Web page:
The instructions go into a fair amount of detail but aren’t comprehensive, so here’s what you have to do to beat a set of floors and retrieve part of the skeleton. First off, it’s worth searching around to see if one of the five magic relics is located on the current floor. These special items will come in very handy later on when you’re running low on health or other resources, allowing you to freeze enemies on the spot or temporarily disappear, among other things. Your way may be blocked by bracken which can be burnt away by using your firestorm ability. Bracken can be used tactically to snipe at enemies, so think about what you’re doing before going in with arrows flying as you’re liable to lose a fair amount of life energy that way. There are three portal types in the game. The first has arrows on and jumps you sequentially between areas on the current level. You’ll need to make regular use of these to hunt down basic items, relics and the other portals. The second portal type leads to the big monster room. This is initially blocked off until you locate and collect that tower’s shield. The entrance will then open and allow you to enter the monster room itself, a single screen passage where you must run to the end without being swallowed up by darkness. Once you reach the big monster, prod the enter button to destroy it and get yourself part of the druid. It’s mildly disappointing that there are no epic end of level battles, but the pace of the game doesn’t lend itself to this sort of thing and it’s not a deal breaker. Finally, locate the portal to the next tower, which looks a lot like the Woolmark logo, and do it all again until you’ve pieced the druid together. When the druid’s skeleton is complete, the final task is to locate his cloak, which will resurrect him and complete the game.
On the technical side, there’s certainly not a whole lot to get excited about. The game runs in semi-flick-screen format, with fixed scrolling in the desired direction when the hero reaches somewhere near the edge of the screen. It’s a shame that there isn’t constant scrolling in the relatively smooth style of Gauntlet and that the hero can’t move eight ways, but the scrolling technique employed at least means there are less nasty surprises than if it was truly flick-screen like many other multi-screen adventures. Characters are shown with good detail in the monochrome format that became standard form in the Spectrum’s fast action genre and each level having its own colour scheme and monster sprite variants is a nice way to alleviate looking at what is essentially the same task seven times over. There’s no in-game music and the fairly forgettable title theme plods along at a leisurely pace. Spot effects are of the standard farty variety and the hero’s footsteps are a familiar tic-toc-tic-toc heard in hundreds of other Spectrum games. The two most impressive effects in the game are when launching a powerful fireball spell to break down a wall, which could have done with using more colour, and the brief but impressive sparkly pixel explosion when dispatching the guardian of each body part.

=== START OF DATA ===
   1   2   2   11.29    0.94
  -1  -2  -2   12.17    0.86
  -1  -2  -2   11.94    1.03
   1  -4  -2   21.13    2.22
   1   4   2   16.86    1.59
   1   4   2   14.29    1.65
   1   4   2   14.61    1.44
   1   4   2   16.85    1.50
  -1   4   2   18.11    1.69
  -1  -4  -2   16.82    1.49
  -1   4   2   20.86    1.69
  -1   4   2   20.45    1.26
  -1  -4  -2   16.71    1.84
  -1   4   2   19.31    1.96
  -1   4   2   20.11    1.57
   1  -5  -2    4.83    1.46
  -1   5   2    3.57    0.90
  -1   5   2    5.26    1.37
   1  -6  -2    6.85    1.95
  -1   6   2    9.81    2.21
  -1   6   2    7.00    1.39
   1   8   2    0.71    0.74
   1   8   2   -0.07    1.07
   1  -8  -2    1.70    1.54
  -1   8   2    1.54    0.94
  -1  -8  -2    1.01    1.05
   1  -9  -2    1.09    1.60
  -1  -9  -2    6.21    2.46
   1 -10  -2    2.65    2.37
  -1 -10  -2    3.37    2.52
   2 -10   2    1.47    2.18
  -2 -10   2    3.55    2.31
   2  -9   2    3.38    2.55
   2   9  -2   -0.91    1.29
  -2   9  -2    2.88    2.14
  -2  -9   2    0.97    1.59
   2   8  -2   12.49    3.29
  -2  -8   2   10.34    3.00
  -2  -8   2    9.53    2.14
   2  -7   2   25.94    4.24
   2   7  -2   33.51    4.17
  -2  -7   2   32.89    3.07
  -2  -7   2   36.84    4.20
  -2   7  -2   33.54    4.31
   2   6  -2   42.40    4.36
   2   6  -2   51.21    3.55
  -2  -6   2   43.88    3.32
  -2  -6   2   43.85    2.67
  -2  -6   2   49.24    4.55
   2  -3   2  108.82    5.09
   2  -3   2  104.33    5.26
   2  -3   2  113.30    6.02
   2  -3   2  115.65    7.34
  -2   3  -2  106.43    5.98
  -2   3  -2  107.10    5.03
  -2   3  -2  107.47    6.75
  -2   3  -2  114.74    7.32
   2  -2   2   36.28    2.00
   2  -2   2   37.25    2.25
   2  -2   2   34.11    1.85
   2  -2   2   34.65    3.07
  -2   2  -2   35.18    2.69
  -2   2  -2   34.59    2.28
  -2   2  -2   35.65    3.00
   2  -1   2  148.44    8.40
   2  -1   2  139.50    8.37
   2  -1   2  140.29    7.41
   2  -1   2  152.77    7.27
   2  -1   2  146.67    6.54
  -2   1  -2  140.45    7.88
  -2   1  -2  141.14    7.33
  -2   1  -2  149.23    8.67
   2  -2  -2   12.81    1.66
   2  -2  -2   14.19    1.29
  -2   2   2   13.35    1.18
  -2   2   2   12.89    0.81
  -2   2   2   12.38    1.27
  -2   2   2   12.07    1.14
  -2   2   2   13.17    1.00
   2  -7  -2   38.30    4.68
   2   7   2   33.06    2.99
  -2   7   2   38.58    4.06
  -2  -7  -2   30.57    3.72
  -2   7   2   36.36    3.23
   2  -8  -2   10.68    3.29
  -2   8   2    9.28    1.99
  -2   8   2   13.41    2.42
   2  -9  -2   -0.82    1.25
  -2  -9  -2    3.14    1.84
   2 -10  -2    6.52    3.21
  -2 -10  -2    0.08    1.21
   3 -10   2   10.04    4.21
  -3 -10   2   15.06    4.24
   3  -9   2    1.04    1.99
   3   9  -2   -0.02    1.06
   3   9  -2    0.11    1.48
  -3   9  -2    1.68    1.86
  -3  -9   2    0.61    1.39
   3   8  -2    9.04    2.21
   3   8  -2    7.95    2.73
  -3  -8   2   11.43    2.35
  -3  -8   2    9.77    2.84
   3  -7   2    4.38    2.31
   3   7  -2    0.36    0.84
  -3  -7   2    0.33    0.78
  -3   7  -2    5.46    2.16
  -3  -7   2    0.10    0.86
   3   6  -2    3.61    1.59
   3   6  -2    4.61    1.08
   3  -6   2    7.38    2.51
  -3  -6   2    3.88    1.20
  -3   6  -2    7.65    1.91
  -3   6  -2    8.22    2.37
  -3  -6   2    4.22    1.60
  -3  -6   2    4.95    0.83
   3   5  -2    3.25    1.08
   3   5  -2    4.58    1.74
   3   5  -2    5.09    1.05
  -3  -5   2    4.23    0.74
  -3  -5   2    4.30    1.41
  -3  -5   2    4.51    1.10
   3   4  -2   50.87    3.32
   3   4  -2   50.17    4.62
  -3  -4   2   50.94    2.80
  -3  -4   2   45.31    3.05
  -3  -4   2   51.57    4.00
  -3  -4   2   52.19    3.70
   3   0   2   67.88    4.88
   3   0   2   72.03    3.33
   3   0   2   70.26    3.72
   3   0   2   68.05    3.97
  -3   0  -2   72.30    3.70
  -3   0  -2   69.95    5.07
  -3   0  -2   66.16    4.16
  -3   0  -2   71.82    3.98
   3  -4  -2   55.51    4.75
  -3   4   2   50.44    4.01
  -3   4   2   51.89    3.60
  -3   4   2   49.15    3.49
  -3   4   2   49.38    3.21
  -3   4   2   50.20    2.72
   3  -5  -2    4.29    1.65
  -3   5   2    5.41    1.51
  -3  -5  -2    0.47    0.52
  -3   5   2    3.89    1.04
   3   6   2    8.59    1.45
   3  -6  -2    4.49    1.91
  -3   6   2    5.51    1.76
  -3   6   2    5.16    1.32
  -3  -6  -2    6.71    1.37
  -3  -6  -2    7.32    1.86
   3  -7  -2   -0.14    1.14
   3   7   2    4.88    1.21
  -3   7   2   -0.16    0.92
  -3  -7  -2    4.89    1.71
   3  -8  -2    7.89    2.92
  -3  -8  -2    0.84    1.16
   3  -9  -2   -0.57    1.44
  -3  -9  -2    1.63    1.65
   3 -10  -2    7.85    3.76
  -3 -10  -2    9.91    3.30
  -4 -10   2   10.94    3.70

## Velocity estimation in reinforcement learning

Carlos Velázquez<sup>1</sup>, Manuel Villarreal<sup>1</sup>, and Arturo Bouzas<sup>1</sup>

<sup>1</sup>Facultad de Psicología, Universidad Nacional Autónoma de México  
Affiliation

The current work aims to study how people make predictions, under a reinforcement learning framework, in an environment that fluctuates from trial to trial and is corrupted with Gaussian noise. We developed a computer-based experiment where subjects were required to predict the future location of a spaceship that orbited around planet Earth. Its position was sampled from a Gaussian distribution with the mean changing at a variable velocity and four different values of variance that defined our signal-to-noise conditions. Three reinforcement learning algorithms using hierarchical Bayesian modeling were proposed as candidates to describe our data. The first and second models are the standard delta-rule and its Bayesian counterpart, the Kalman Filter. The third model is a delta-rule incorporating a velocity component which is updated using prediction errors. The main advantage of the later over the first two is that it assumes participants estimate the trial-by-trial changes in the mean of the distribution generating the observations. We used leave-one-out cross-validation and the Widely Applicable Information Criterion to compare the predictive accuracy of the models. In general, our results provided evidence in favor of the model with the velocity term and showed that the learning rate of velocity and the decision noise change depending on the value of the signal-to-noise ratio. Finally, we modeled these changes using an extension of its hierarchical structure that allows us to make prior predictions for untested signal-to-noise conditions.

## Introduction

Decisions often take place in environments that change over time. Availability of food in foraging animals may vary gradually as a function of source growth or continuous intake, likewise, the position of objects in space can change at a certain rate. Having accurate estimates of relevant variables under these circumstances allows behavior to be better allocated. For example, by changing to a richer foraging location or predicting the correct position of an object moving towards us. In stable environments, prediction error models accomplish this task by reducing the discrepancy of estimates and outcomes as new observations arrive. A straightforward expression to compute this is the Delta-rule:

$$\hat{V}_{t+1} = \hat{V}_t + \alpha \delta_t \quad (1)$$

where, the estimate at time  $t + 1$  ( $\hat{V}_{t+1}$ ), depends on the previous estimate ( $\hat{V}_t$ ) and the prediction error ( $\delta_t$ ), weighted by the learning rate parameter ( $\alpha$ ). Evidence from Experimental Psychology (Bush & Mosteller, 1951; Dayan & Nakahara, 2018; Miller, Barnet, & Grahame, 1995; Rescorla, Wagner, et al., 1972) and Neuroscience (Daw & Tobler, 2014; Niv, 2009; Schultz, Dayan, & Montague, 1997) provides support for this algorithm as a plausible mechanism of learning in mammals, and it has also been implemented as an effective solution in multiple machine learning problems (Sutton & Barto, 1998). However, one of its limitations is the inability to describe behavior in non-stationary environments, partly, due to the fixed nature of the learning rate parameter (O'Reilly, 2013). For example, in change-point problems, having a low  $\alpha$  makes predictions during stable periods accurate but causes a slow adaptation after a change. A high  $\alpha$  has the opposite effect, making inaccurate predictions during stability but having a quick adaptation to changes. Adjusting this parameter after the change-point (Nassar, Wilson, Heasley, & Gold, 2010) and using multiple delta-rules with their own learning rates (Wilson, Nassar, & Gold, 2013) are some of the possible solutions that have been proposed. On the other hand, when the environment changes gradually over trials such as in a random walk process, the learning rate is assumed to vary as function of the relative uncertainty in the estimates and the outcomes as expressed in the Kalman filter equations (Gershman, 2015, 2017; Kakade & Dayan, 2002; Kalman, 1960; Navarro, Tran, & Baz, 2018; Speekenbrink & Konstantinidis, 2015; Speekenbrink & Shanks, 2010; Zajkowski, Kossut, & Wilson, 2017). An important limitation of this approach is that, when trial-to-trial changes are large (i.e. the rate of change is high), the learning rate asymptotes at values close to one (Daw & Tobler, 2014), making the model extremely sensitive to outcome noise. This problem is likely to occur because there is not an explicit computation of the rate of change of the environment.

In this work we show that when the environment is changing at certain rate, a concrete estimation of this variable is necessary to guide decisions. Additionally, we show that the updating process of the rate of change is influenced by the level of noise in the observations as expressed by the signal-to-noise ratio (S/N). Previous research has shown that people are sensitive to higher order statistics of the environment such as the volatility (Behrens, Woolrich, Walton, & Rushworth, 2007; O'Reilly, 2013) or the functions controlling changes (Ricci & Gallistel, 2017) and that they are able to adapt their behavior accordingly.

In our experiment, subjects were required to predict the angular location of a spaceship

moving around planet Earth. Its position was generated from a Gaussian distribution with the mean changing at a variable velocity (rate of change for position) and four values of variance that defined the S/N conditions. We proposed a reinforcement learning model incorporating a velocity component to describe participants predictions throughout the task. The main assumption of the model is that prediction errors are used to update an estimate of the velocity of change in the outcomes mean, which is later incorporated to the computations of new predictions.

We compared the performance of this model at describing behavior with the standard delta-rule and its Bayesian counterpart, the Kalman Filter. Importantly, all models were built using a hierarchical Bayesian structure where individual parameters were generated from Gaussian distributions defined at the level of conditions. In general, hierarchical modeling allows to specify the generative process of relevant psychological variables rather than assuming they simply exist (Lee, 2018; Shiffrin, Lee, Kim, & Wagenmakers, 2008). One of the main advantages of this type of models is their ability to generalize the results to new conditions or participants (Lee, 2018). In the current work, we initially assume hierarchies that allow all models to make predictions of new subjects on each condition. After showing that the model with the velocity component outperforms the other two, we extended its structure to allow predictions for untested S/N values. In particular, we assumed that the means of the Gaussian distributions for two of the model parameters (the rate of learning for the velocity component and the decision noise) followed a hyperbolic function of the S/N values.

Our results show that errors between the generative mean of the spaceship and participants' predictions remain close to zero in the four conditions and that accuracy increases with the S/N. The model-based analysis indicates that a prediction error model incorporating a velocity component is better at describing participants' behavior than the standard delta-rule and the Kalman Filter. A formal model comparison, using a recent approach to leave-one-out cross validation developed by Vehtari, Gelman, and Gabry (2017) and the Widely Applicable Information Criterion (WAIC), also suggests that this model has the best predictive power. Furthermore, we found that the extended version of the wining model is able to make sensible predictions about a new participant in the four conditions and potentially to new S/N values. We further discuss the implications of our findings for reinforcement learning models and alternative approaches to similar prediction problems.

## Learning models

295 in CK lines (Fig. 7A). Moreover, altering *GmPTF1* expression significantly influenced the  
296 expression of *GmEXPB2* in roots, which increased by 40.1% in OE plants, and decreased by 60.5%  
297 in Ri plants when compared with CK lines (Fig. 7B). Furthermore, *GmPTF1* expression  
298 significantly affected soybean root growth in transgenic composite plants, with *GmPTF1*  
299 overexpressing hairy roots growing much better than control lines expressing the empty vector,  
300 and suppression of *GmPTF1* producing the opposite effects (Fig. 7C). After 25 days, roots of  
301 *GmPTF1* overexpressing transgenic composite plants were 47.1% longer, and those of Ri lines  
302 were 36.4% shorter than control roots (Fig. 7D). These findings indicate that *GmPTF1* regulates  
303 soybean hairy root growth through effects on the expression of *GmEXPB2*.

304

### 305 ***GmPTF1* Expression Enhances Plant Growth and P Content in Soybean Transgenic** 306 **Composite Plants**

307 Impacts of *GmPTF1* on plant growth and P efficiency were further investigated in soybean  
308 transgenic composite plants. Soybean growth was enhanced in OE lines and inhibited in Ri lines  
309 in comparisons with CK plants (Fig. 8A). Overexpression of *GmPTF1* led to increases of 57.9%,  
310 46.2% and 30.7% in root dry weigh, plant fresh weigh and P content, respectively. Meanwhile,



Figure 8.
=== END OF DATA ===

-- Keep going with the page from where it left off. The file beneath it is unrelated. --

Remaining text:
I’ve been banging on at a few people recently to give Gothik a try and it may be that it’s not necessarily a great game, but it is a fondly remembered highlight from my childhood hunched over a gently toasting Spectrum keyboard. If you’ve never tried it, I definitely recommend giving it a go. Gothik’s major advantage over the Gauntlet series is that it has a clearly defined quest with an end, while the randomised potions lend it a minor Rogue-like air that means each game is slightly different, even if you’re familiar with the layout of the towers. Having only ever played the Spectrum version, I had a look at videos of the C64 and Amstrad ones to see if there were any obvious differences and there doesn’t seem to be. However, the C64 one is ugly as sin in the main gameplay screen. The Amstrad version is a lot less chunky and makes very nice use of colour, while the Spectrum one, with the expected hardware caveats, features better character detail. With gameplay essentially identical across the three formats, it’s entirely up to you to choose which you’d prefer to play, whether you’re a Fearless Pune or a Supreme Warrior.